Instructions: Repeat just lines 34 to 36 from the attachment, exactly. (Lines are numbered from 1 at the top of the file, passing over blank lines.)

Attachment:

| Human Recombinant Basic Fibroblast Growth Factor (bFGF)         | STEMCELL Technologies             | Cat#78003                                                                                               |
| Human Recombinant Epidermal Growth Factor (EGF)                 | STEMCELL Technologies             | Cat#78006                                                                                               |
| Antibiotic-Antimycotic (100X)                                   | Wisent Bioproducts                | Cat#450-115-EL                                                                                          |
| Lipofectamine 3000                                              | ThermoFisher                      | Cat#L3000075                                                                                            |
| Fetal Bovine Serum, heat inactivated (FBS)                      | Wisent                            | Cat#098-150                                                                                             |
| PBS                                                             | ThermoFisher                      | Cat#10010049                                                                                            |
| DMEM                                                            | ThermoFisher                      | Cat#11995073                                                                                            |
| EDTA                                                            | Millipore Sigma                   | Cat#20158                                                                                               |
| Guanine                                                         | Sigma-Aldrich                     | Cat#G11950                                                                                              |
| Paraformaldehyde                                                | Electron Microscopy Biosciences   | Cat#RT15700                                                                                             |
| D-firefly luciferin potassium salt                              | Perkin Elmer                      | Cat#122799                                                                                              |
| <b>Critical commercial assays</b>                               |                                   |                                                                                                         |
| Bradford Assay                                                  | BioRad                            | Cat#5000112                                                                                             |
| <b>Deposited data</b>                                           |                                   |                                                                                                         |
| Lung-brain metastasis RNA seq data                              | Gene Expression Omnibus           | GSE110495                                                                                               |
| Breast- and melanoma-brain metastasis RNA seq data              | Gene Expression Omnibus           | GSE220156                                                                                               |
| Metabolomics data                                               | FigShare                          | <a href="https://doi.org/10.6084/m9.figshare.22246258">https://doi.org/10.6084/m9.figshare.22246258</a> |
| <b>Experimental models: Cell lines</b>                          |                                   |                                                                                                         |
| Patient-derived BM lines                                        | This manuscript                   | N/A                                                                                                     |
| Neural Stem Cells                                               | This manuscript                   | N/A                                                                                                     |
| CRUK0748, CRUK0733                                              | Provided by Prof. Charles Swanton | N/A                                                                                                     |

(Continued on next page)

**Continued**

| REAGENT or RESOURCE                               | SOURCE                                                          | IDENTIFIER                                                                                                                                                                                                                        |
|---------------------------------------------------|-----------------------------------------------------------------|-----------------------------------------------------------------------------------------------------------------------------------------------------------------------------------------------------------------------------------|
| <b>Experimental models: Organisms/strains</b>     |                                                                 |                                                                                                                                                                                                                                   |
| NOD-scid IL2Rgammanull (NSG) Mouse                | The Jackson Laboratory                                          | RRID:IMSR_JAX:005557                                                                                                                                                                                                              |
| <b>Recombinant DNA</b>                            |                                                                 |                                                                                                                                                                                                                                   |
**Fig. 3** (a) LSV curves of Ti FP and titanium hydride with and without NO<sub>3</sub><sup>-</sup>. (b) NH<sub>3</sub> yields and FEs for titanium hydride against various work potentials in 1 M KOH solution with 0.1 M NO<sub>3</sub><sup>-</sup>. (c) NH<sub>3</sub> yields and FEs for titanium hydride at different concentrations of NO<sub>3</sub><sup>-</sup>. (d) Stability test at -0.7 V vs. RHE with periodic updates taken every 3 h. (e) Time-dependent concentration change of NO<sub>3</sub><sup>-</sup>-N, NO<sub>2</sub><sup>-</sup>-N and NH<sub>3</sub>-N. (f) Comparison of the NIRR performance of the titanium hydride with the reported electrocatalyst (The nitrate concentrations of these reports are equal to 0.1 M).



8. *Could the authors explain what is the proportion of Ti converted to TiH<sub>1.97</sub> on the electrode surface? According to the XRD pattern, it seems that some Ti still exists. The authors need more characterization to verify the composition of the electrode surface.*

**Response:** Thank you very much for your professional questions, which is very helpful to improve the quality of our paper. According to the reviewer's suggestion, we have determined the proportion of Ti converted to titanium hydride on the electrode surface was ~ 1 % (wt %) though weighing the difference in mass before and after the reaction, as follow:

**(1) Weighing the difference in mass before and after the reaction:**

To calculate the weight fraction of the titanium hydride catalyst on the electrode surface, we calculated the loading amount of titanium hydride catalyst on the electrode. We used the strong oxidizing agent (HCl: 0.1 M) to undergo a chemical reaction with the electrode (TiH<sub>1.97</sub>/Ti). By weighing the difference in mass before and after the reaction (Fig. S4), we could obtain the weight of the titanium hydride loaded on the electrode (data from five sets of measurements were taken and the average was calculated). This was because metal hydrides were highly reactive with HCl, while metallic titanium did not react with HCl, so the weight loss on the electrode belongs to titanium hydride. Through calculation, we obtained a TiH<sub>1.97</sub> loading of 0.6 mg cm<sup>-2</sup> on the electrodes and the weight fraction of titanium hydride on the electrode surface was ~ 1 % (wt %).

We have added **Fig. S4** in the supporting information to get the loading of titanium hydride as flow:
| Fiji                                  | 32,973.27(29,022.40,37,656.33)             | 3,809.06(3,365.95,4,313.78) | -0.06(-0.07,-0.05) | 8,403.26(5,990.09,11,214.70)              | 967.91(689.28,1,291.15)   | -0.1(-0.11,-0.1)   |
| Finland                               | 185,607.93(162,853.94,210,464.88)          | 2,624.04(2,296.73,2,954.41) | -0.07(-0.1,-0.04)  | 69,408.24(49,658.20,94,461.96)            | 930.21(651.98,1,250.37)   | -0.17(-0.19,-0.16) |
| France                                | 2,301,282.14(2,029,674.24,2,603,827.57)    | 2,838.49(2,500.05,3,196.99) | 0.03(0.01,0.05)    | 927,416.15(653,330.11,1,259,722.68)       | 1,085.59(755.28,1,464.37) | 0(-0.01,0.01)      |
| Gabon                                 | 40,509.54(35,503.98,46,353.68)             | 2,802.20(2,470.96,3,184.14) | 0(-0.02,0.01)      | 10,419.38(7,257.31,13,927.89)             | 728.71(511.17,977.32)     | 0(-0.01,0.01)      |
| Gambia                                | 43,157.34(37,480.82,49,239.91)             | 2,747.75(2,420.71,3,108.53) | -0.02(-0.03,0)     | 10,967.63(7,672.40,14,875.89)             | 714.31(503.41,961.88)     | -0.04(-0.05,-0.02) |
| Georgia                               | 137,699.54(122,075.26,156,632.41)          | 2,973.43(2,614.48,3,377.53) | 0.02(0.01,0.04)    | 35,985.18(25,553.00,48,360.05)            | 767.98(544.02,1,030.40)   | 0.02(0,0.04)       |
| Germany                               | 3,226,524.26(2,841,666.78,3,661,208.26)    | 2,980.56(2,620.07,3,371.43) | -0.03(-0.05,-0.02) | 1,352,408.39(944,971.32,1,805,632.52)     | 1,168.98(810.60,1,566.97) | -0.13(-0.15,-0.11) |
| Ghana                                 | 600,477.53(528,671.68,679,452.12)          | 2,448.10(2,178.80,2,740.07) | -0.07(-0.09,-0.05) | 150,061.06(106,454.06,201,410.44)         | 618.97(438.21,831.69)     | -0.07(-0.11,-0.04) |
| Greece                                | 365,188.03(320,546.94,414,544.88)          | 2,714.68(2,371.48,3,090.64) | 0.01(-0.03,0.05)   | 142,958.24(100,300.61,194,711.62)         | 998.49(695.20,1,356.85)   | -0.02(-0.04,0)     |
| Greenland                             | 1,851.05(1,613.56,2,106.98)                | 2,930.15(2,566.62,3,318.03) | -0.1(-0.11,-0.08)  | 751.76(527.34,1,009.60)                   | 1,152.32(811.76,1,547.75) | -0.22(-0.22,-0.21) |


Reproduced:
We have added **Fig. S4** in the supporting information to get the loading of titanium hydride as flow:
| Fiji                                  | 32,973.27(29,022.40,37,656.33)             | 3,809.06(3,365.95,4,313.78) | -0.06(-0.07,-0.05) | 8,403.26(5,990.09,11,214.70)              | 967.91(689.28,1,291.15)   | -0.1(-0.11,-0.1)   |
| Finland                               | 185,607.93(162,853.94,210,464.88)          | 2,624.04(2,296.73,2,954.41) | -0.07(-0.1,-0.04)  | 69,408.24(49,658.20,94,461.96)            | 930.21(651.98,1,250.37)   | -0.17(-0.19,-0.16) |